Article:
Have you read Orhan Pamuk’s Snow? It’s a novel that questions the wisdom of writing political novels and the viability of art in the service of a political agenda, no matter how well-intentioned. The book ends with the author asking one of the characters if he has something to say to his (Western) readers. The character responds “If you write a book set in Kars and put me in it, I’d like to tell your readers not to believe anything you say about me, anything you say about any of us. No one could understand us from so far away.” The act of placing an intermediary between ourselves and the people we’re reading about inevitably blurs the resulting image (although another plot strand in the book also deals with problems in face-to-face communication. It’s an excellent read by the way – meaty and dense). Ryman ignores, and even purposefully sublimates, this complexity in favor of his political agenda.

NH: You said that about the characters in the book, but I don’t think they’re politically uniform so much as they’re morally uniform. Or to put it another way, I haven’t read a book which believes so completely in the fundamental decency of people for ages. And on one level this is good—the book is brilliant at showing how society crushes and twists people like Map and Rith, and leaves them misunderstanding each other. And then they find a degree of reconciliation, even while I strongly suspect they would disagree with each other on matters of policy and justice. On the other hand, precisely because it’s so optimistic it seems a bit unreal, and therefore at times a little patronising.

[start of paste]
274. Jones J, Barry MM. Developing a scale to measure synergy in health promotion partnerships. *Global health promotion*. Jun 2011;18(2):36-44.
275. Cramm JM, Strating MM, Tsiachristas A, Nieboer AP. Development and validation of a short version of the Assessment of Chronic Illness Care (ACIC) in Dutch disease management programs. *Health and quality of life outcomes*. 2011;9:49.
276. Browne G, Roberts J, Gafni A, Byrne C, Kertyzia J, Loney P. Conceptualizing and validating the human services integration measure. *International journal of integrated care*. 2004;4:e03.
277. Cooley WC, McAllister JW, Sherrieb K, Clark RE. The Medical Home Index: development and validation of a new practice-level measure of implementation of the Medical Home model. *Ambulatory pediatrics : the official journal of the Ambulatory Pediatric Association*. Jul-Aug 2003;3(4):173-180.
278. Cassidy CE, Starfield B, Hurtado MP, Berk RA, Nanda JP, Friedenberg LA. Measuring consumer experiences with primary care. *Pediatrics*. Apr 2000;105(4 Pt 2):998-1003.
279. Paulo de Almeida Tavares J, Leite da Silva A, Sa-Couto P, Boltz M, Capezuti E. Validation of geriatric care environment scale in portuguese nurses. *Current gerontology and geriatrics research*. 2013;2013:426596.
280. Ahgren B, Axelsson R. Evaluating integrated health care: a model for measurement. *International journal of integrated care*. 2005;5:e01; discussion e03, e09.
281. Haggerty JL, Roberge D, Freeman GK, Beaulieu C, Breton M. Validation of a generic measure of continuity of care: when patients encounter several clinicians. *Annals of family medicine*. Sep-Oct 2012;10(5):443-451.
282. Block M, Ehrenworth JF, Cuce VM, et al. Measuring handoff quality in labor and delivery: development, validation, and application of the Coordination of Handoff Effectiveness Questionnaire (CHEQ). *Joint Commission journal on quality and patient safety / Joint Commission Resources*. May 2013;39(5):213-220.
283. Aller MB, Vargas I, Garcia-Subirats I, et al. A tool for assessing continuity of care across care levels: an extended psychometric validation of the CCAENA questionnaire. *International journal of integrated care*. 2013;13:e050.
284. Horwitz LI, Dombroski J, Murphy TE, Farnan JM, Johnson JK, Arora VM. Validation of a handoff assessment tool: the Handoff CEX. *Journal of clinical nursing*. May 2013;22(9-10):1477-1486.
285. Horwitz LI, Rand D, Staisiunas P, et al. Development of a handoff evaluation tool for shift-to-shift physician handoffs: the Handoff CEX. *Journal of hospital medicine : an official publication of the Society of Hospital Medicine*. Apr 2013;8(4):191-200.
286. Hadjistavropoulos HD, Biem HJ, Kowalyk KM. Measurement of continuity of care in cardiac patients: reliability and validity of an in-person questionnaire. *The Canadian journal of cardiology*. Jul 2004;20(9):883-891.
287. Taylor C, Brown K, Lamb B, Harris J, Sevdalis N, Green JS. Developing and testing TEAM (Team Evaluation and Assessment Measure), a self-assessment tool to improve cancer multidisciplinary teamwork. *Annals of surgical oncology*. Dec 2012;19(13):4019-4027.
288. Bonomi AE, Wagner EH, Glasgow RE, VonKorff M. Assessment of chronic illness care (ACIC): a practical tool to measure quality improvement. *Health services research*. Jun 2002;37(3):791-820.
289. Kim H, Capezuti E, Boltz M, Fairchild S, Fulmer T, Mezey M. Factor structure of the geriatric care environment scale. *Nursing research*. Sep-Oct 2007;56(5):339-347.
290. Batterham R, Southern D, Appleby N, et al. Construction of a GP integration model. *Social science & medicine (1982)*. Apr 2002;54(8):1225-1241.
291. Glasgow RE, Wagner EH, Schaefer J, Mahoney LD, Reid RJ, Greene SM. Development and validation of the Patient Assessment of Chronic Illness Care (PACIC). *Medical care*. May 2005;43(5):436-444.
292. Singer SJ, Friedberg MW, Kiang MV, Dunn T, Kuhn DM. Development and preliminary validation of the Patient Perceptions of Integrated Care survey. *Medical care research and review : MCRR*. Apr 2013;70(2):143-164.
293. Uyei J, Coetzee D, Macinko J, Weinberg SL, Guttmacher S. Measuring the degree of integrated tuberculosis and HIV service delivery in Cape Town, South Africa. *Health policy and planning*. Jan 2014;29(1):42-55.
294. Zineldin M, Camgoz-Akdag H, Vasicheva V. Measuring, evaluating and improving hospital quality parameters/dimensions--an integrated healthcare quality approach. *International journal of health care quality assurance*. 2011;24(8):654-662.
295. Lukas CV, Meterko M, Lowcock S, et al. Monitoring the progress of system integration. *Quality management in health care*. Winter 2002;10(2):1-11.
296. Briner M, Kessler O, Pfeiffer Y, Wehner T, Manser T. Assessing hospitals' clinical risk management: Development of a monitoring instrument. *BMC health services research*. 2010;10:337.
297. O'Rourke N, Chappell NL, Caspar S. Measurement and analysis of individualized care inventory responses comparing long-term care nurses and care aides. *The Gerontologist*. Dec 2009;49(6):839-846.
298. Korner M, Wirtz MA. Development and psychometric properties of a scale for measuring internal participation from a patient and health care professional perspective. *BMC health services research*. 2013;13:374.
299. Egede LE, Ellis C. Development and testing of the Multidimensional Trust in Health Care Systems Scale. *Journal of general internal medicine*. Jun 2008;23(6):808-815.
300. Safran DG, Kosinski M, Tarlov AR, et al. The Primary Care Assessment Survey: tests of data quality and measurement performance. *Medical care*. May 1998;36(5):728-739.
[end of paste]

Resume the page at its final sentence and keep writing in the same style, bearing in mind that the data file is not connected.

AN: Which is actually worse, as far as I’m concerned. I don’t want to claim moral superiority for my nation, but are we really going to ignore—is Ryman really expecting us to ignore—the systematic murder of 1.7 million people by the same people that Ryman would have us believe are morally uniform and fundamentally decent? The civil war and its atrocities are the boogeyman in Cambodia’s closet. They poison the lives of people who never experienced them, and yet when Ryman references them, he refuses to assign personal responsibility, to consider that there are Cambodians living today who were intimately involved with this slaughter, who might not be nice people. Even Map, a former Khmer Rouge, is only joined by the narrative after he’s left that group. We’d be up in arms if the novel offered this kind of wholesale apologia for Europeans—Germans during WWII, for instance.

NH: No, clearly he doesn’t expect us to ignore it—the Cambodia of TKLS is clearly damaged at every level by the actions of the Khmer Rouge. But at the same time, I don’t think it’s apologia to argue that terrible things can be done by good people. To an extent, I think the novel suggests that any attempt to assign personal responsibility would be meaningless; it’s by taking collective responsibility for their past that Cambodians can move forward.

AN: I actually see the novel as offering a collective amnesty – not ‘we’re all responsible’ (which I would have problems with as well) but ‘no one is responsible’. I don’t have serious problems with the notion that good people can do terrible things, or that a person who has done terrible things might deserve compassion, but that’s not what Ryman is doing—rather, he deliberately ignores the fact that there are people who are responsible for these atrocities. In the debate about offering forgiveness to mass murderers and war criminals, there has always been one universally agreed-upon truism—that forgiveness cannot be offered without a full accounting and acknowledgment of responsibility. Also, the one true moment of catharsis in the novel comes when Map takes personal responsibility and confesses to William.